Consumers Catch Clunker-mania
It is hard to judge the success of an effort after its first few days, but if the initial results are any indication, the Car Allowance Rebate System (CARS 2009) -- more commonly known as Cash for Clunkers -- is a certified hit. It has created huge amounts of traffic on third-party Web sites and manufacturer Web sites, and most important, in dealer showrooms. In addition, it has also proven to be the impetus for incremental sales, something the auto industry is in desperate need of as it tries to keep the wolves from the door. The important question remaining to be answered is one that can be expressed in movie box-office terms: Does it have “legs”?
It is too early to tell, but it’s hard to argue against the first-blush results of the federally sponsored program. Spurred by an unprecedented amount of advertising and marketing efforts from car manufacturers struggling to get potential buyers off the couch, the CARS 2009 program has resulted in a flood of inquiries and a strong stream of traffic. Early results also indicate that many of the consumers taking part in the program are not typical new-car buyers, which means the sales “were not going to happen anyway” -- one criticism of the program. Many of the vehicles that came in during the first full weekend of the effort were not-so-Golden Oldies from the previous millennium. One can presume that current owners/drivers of a 1996 Ford Explorer, 1995 Dodge Ramcharger or 1991 Jaguar XJS would not be prime candidates for new-car ownership given other circumstances, but there they were, waiting for their piece of the government pie as the program drew its opening breaths.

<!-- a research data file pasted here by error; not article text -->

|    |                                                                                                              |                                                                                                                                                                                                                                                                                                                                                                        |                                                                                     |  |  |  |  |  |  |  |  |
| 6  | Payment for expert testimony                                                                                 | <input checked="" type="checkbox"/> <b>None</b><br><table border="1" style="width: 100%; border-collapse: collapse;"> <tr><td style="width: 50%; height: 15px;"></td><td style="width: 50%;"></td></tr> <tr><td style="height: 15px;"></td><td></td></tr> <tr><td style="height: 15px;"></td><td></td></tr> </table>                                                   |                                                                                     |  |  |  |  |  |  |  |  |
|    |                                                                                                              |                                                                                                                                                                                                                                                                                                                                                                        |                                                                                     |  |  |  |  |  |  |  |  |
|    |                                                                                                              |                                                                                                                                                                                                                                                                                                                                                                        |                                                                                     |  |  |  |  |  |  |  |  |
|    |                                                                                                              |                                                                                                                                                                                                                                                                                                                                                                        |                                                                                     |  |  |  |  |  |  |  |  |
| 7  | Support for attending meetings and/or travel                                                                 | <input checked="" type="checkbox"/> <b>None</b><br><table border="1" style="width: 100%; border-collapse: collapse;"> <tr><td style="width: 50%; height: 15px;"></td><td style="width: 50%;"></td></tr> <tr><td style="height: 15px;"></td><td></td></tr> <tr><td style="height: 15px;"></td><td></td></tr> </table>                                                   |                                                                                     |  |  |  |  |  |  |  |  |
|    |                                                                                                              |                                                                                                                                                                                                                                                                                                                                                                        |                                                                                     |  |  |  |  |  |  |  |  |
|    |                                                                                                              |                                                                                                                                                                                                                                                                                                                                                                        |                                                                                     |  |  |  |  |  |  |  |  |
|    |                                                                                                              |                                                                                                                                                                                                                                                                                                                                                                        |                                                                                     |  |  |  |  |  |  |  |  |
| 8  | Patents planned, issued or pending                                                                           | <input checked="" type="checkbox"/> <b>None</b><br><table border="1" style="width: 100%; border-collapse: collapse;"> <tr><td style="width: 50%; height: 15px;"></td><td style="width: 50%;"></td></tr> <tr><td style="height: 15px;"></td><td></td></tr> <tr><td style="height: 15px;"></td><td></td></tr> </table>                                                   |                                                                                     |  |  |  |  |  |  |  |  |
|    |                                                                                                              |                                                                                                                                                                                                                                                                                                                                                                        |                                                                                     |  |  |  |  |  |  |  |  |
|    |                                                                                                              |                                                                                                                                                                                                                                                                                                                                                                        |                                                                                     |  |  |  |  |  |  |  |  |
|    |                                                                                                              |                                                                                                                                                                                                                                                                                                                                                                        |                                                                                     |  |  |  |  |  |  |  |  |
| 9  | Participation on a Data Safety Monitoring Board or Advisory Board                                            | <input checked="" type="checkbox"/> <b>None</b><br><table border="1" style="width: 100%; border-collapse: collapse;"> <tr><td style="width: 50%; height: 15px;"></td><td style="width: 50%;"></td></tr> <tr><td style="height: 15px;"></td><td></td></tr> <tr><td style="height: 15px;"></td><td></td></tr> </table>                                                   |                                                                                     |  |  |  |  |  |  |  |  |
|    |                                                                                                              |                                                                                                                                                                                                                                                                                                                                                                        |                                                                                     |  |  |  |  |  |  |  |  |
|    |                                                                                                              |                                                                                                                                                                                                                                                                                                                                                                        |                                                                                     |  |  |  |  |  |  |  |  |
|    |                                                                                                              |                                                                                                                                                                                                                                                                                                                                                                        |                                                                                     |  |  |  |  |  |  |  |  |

One person who was not surprised by the initial rush of clunker people was Rae Tyson, a key spokesperson for the National Highway Traffic Safety Administration, which has been charged with administering the CARS program. “I have to admit, we kind of expected this,” he told us. “In the process of setting up this program, we spoke frequently with our opposite numbers in Germany, where they have recently instituted a similar program, and when their program launched, it pretty much tied up the Internet for several hours.”
Tyson also predicts that the program’s $1 billion in government funding will run out well before November 1, the sunset date set by Congress.
“I wouldn’t panic right now,” he said. “You don’t have to run out and buy a car this weekend, but I would keep an eye on how much money is left in the program, and that’s something you can do on our Cars (.gov) Web site.”
So the signs that the CARS 2009 program will move the needle in a positive way are unmistakable. One underreported aspect of the program and the media hype surrounding it is that consumers are excited about buying cars again. In retrospect, the consumers who don’t qualify for the program may be as important as those who do. Why? Because consumers who get the car-buying bug do research on the Web and go into showrooms, and they are likely candidates to buy a new vehicle even if they find they don’t have a qualifying clunker. Sure, there is the chance that the buildup to the CARS 2009 announcement has led to a deluge of interest that won’t be sustained for the length of the program. But right now, the program is a very welcome breath of new life in the car industry.